The second rupture only sealed the fate of halachic transmission. Starting with the Gra, R Dr Haym Soloveitchik's very own ancestry -- not the least of whom, his namesake -- were renown for changes to common practice because of textual considerations.

In any case, the Alter of Nohardok says the fall of the ghetto led to a split between the yeshiva (being used in a buzzword sense of the ideals as transmitted in the ivory towers) and the street. The values and character one used to absorb naturally were no longer part of culture. Rav Yisrael Salanter therefore emerged, with a plan for how to inculcate consciously what in the past was absorbed mimetically.

Whether or not Mussar is a solution for everyone -- and R' Yisrael himself would vehemently say it wasn't (having advocated different approaches in different cities and countries) -- this notion that we need programs to actively inculcate values and character stands.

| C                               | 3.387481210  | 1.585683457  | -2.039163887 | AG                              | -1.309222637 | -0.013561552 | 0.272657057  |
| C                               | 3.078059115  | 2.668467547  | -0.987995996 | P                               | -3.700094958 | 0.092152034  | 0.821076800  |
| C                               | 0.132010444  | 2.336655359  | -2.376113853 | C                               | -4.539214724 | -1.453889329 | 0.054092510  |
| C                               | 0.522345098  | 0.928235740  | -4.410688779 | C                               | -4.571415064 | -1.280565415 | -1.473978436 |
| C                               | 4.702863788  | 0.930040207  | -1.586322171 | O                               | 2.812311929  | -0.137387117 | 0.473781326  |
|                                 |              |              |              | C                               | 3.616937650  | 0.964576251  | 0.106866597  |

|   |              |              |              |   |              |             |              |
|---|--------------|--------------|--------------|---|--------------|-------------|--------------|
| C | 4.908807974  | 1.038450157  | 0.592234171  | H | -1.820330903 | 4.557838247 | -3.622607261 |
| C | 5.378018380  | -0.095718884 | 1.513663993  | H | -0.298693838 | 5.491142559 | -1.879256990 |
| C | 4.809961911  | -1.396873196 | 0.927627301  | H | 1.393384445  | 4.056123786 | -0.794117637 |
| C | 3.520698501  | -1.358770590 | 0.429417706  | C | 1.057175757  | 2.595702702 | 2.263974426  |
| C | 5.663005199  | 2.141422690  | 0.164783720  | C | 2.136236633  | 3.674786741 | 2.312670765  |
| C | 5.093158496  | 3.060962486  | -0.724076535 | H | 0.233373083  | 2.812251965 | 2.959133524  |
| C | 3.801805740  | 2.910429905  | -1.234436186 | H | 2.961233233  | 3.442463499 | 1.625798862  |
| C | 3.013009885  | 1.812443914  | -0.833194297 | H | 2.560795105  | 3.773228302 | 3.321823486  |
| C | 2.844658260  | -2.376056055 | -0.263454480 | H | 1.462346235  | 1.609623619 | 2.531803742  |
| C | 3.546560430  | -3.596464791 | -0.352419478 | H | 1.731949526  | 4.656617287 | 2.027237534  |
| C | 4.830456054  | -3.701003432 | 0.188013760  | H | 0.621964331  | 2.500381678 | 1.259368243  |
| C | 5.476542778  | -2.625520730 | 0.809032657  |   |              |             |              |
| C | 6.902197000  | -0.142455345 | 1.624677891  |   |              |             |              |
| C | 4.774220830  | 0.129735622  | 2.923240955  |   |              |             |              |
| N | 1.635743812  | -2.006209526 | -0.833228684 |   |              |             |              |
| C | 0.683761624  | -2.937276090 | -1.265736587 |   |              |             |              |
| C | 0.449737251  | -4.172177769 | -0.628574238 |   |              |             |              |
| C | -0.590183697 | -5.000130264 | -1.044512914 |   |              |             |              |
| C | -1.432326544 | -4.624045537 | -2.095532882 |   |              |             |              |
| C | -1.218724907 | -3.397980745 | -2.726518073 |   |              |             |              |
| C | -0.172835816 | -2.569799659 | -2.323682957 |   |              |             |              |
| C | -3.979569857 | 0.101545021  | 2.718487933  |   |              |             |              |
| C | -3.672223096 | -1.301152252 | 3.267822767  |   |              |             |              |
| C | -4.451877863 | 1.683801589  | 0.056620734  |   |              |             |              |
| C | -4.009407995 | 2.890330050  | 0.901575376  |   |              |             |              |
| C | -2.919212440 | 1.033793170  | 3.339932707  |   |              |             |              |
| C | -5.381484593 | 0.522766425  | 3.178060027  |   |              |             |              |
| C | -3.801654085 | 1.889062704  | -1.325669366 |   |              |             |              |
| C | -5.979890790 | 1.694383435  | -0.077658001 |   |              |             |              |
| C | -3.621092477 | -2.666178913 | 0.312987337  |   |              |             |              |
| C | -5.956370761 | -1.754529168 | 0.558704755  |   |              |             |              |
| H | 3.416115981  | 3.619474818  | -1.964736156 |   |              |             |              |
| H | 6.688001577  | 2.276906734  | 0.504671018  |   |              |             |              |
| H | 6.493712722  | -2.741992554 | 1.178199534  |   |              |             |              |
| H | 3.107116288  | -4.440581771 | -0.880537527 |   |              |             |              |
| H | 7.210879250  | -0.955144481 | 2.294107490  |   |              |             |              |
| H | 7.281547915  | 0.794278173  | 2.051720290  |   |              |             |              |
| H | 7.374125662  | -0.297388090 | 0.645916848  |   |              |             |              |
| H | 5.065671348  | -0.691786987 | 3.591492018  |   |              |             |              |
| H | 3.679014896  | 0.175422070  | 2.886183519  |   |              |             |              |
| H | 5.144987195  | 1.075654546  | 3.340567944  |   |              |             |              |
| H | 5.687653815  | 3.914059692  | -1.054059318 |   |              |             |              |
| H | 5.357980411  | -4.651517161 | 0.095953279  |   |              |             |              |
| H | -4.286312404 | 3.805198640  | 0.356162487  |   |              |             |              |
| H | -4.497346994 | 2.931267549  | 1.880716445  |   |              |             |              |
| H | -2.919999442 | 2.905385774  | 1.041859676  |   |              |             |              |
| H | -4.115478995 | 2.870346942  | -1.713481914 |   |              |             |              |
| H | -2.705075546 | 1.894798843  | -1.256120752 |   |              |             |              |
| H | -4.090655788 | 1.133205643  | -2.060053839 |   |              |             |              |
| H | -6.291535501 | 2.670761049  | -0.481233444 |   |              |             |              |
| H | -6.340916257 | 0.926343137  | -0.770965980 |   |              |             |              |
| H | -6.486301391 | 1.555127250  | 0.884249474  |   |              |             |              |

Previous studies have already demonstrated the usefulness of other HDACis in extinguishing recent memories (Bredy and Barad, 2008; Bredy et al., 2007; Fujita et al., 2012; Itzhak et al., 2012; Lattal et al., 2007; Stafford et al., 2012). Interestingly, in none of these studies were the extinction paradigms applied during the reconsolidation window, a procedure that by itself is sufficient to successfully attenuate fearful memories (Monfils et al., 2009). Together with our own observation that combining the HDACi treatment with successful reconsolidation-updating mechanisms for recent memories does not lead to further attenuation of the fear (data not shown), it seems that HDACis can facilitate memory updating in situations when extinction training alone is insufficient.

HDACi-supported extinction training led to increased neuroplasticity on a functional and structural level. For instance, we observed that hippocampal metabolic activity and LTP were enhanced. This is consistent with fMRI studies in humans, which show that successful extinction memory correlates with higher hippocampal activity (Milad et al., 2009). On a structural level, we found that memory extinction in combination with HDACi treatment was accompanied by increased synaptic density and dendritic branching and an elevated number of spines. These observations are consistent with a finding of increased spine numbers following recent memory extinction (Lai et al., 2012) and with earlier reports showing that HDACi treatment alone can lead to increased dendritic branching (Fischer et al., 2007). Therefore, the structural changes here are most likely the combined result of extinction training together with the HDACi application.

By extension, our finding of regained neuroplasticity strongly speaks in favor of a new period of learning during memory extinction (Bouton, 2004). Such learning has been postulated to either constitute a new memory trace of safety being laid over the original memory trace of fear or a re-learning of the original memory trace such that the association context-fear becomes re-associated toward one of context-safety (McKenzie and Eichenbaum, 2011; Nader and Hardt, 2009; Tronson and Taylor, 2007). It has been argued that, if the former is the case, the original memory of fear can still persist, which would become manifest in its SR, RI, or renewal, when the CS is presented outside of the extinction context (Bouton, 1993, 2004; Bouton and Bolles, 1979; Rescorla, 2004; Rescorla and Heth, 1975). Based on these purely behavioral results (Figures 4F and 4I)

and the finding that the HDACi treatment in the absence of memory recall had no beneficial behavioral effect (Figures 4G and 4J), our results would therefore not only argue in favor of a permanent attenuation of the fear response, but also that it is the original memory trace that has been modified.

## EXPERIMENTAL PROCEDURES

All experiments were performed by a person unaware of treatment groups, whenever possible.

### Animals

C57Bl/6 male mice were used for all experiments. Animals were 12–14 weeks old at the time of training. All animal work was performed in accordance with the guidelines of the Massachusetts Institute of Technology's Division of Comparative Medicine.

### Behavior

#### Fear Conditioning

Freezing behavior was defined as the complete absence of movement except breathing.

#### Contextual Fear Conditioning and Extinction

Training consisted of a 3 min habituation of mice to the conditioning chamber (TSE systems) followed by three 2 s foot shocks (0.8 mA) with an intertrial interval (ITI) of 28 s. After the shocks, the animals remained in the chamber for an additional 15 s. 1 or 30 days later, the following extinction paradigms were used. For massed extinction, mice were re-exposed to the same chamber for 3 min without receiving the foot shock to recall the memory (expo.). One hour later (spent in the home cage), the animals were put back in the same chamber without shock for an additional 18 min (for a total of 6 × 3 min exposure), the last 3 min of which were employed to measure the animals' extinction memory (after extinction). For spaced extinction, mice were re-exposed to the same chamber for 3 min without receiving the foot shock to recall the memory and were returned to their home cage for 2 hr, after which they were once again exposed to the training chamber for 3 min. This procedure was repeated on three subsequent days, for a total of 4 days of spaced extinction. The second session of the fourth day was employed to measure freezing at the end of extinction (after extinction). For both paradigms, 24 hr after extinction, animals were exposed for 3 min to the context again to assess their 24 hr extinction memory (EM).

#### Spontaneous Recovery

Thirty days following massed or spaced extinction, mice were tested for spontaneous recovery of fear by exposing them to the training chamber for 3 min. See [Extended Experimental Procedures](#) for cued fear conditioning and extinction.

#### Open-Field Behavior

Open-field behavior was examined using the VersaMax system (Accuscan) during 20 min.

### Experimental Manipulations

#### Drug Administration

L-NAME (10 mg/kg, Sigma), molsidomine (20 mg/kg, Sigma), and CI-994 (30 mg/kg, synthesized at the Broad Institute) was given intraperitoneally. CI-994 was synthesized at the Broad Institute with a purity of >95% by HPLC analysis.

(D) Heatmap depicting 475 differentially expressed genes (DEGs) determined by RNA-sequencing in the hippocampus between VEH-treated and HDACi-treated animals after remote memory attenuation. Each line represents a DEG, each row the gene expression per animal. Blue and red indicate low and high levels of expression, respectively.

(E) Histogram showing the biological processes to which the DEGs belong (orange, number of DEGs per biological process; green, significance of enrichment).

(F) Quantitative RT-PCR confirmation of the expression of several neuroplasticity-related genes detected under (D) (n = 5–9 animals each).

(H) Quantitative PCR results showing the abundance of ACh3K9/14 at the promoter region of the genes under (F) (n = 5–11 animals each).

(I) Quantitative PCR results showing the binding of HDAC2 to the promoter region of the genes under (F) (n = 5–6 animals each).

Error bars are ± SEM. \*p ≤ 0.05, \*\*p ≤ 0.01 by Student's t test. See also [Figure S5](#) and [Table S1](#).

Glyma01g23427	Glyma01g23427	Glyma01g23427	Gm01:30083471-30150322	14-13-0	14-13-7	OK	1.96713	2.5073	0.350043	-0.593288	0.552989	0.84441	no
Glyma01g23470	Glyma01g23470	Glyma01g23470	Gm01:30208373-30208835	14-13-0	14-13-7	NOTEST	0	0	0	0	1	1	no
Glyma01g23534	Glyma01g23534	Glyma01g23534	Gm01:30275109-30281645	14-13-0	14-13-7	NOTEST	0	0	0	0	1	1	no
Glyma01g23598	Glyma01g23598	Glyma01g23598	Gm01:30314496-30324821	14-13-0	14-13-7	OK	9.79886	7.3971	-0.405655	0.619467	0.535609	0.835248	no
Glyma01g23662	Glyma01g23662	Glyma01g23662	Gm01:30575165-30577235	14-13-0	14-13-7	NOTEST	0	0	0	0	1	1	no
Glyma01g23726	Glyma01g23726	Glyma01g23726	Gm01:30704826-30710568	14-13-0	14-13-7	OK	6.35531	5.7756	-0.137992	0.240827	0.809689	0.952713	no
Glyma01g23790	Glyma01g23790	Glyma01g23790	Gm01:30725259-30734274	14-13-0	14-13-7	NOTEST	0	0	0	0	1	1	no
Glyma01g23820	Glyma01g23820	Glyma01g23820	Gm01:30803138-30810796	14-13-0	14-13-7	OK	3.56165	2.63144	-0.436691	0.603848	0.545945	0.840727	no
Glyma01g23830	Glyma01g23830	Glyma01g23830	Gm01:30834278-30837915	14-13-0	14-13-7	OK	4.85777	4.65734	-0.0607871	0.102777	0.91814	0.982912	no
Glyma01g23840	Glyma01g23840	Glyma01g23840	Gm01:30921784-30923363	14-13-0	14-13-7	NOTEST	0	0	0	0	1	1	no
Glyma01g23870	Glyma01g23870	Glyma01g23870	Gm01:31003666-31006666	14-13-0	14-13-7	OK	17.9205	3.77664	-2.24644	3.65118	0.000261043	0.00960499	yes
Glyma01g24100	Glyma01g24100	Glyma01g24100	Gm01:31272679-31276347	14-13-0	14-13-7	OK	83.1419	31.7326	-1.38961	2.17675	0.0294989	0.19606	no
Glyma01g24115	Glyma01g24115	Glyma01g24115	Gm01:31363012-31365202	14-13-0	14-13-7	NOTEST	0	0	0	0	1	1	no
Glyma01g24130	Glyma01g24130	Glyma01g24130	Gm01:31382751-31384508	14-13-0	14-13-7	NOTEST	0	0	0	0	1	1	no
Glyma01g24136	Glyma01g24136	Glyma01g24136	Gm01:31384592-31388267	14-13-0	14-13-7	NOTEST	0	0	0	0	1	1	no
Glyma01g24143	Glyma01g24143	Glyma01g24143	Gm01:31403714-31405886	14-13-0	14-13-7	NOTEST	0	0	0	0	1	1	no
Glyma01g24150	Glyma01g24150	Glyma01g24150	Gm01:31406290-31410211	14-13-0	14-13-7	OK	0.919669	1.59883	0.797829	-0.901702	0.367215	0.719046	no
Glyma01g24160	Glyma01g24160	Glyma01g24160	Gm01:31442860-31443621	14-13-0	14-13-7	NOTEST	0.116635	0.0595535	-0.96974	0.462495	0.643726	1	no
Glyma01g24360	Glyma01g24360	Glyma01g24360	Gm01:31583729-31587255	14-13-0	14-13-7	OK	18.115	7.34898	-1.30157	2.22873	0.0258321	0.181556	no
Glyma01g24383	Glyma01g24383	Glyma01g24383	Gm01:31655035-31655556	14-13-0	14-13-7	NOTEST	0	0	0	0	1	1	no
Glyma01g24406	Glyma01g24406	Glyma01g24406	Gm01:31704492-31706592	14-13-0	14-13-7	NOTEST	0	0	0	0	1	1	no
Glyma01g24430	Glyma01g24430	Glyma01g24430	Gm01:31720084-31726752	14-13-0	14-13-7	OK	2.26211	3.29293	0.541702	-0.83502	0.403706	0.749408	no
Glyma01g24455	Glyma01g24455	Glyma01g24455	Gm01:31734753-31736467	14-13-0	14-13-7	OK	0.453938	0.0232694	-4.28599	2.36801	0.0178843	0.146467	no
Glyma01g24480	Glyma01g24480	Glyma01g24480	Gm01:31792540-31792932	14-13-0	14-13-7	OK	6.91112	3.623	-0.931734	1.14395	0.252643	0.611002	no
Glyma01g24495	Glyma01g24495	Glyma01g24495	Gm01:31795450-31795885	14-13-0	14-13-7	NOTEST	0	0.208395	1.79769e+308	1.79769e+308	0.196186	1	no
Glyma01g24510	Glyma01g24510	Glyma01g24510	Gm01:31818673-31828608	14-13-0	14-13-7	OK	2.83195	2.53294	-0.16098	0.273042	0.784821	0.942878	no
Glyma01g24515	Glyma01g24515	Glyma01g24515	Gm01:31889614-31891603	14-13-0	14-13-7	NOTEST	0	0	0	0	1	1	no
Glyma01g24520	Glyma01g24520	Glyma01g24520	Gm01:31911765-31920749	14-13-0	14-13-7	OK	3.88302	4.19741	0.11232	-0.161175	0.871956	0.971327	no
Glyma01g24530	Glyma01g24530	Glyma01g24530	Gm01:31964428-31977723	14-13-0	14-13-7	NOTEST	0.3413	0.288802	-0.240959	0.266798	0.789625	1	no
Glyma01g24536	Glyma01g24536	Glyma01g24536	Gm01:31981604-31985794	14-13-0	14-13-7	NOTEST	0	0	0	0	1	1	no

Yes, we got our culture further into this Catch-22. But we can follow earlier examples for how to get out of it.

Friar Yid said...

While I think it's worth holding a critical eye to the practice of going on pilgrimages, I worry that Ravs Aviner and Kook may be swinging the pendulum too far in the other direction. They are correct that the focal point for Judaism (and I would argue, certainly this is the case for Orthodoxy) is Israel, but just as it is intellectually dishonest for Jews to ignore/overlook Israel in favor of the Diaspora, so too it is wrong for people to focus entirely on Israel and forget about the important and significant history, culture and heritage of the Diaspora. For some, this may include visiting the graves and/or otherwise honoring the many tzadikim who lived in the Diaspora for the last 2000+ years. I see nothing wrong with this in principle.